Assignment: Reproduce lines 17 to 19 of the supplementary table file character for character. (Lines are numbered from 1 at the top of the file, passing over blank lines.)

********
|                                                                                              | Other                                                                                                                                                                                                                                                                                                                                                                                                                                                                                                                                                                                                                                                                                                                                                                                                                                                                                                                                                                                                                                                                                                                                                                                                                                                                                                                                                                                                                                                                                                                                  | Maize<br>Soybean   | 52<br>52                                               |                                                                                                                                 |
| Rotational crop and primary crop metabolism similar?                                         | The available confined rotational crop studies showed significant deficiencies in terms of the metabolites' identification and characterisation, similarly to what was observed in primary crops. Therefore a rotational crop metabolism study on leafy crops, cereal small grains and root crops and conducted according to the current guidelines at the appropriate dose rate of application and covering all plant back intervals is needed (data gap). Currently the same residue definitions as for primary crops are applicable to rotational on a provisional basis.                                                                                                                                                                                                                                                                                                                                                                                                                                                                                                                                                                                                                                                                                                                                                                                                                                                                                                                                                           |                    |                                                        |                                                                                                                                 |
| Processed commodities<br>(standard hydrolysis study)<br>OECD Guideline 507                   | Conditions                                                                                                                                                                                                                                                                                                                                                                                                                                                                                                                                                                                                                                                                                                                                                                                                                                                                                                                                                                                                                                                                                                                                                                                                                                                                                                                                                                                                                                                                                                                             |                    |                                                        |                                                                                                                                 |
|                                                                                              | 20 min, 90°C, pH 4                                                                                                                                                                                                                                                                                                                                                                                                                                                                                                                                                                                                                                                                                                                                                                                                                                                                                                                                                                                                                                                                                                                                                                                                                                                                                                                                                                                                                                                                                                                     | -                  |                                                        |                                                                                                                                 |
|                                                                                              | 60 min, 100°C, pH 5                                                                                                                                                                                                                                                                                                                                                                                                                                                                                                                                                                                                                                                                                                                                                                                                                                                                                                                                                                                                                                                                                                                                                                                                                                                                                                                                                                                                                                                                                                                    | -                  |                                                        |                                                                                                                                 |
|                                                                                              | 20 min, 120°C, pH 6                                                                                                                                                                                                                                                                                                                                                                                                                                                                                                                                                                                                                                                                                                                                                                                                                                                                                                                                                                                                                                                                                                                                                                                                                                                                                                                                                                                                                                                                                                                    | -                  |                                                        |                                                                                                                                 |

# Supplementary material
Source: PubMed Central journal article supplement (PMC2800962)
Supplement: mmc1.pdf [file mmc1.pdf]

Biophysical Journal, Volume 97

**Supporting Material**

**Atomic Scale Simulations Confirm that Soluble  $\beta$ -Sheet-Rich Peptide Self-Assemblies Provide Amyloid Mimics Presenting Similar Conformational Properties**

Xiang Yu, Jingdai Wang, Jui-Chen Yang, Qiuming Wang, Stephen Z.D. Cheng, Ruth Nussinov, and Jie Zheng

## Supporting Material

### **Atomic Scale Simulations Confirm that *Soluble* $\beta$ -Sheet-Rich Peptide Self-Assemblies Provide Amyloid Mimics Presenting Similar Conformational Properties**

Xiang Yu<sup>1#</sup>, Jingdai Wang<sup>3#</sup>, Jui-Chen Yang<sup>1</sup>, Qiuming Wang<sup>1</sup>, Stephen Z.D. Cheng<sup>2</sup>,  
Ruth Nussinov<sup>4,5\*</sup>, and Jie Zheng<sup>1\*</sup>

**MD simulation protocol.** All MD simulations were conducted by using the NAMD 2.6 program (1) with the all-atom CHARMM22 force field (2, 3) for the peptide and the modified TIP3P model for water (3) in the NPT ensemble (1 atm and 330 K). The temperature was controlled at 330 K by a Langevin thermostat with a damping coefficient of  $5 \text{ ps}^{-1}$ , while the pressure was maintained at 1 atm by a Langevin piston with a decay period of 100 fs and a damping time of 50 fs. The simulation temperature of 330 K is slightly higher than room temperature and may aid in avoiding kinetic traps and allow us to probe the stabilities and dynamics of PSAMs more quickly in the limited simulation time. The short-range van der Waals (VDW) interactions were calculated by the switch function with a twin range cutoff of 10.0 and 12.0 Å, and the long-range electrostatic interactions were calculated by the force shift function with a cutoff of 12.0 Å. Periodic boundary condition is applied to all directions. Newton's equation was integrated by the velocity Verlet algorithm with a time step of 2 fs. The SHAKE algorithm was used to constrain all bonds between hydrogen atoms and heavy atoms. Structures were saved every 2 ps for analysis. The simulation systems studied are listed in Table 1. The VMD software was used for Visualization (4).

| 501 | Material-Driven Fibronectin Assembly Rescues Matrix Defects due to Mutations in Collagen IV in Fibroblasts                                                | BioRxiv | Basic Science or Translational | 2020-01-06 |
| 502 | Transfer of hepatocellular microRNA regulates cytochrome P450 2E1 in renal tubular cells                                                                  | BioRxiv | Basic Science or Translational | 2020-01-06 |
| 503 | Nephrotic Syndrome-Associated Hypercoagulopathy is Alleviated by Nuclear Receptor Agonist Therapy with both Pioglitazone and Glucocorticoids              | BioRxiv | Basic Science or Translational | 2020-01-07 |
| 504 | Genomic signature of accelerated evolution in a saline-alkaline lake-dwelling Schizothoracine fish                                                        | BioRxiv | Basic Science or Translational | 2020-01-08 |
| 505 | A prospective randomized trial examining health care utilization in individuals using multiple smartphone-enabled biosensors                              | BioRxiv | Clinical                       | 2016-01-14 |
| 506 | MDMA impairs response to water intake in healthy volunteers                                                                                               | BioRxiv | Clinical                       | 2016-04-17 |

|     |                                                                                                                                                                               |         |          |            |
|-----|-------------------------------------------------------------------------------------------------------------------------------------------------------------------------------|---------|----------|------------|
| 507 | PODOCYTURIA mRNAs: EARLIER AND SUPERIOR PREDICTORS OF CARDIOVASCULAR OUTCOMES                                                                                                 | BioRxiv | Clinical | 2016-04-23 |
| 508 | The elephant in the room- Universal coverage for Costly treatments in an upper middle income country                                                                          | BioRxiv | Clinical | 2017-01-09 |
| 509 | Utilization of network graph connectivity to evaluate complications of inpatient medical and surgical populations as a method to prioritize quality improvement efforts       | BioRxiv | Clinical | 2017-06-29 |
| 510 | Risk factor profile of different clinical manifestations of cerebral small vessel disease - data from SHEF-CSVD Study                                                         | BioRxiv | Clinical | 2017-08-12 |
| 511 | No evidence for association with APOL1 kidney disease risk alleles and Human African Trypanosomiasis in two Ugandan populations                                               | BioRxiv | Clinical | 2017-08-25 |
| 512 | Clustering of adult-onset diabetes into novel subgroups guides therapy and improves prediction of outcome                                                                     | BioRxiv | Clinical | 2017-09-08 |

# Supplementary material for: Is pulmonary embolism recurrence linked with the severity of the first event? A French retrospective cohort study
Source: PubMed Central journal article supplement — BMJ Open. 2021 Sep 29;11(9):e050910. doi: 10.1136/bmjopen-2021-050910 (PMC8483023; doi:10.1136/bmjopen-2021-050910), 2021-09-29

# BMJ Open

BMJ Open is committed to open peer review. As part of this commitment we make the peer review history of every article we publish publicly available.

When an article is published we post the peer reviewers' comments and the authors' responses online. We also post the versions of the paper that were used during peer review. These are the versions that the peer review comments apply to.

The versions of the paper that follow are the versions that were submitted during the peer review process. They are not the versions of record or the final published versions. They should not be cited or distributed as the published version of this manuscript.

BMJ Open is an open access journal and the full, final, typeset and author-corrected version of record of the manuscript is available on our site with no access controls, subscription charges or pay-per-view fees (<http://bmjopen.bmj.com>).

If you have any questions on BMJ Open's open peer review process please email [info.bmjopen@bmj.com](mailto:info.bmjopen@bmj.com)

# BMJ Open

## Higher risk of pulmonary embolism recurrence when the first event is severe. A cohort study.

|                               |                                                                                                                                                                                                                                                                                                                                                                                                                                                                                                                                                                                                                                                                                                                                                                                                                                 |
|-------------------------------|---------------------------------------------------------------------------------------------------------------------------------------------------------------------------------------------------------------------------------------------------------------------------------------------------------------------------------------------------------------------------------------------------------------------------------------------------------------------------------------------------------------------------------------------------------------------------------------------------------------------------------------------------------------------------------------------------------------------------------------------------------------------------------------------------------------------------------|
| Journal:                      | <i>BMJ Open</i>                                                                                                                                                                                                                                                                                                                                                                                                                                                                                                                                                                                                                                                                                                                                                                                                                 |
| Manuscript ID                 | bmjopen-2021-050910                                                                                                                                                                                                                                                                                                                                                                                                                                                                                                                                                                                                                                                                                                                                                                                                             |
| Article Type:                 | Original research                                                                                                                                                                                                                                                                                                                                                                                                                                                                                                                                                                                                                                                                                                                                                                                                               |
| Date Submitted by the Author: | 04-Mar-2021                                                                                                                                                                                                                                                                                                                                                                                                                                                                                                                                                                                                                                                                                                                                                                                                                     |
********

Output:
Ruth Nussinov<sup>4,5\*</sup>, and Jie Zheng<sup>1\*</sup>

**MD simulation protocol.** All MD simulations were conducted by using the NAMD 2.6 program (1) with the all-atom CHARMM22 force field (2, 3) for the peptide and the modified TIP3P model for water (3) in the NPT ensemble (1 atm and 330 K). The temperature was controlled at 330 K by a Langevin thermostat with a damping coefficient of  $5 \text{ ps}^{-1}$ , while the pressure was maintained at 1 atm by a Langevin piston with a decay period of 100 fs and a damping time of 50 fs. The simulation temperature of 330 K is slightly higher than room temperature and may aid in avoiding kinetic traps and allow us to probe the stabilities and dynamics of PSAMs more quickly in the limited simulation time. The short-range van der Waals (VDW) interactions were calculated by the switch function with a twin range cutoff of 10.0 and 12.0 Å, and the long-range electrostatic interactions were calculated by the force shift function with a cutoff of 12.0 Å. Periodic boundary condition is applied to all directions. Newton's equation was integrated by the velocity Verlet algorithm with a time step of 2 fs. The SHAKE algorithm was used to constrain all bonds between hydrogen atoms and heavy atoms. Structures were saved every 2 ps for analysis. The simulation systems studied are listed in Table 1. The VMD software was used for Visualization (4).

| 501 | Material-Driven Fibronectin Assembly Rescues Matrix Defects due to Mutations in Collagen IV in Fibroblasts                                                | BioRxiv | Basic Science or Translational | 2020-01-06 |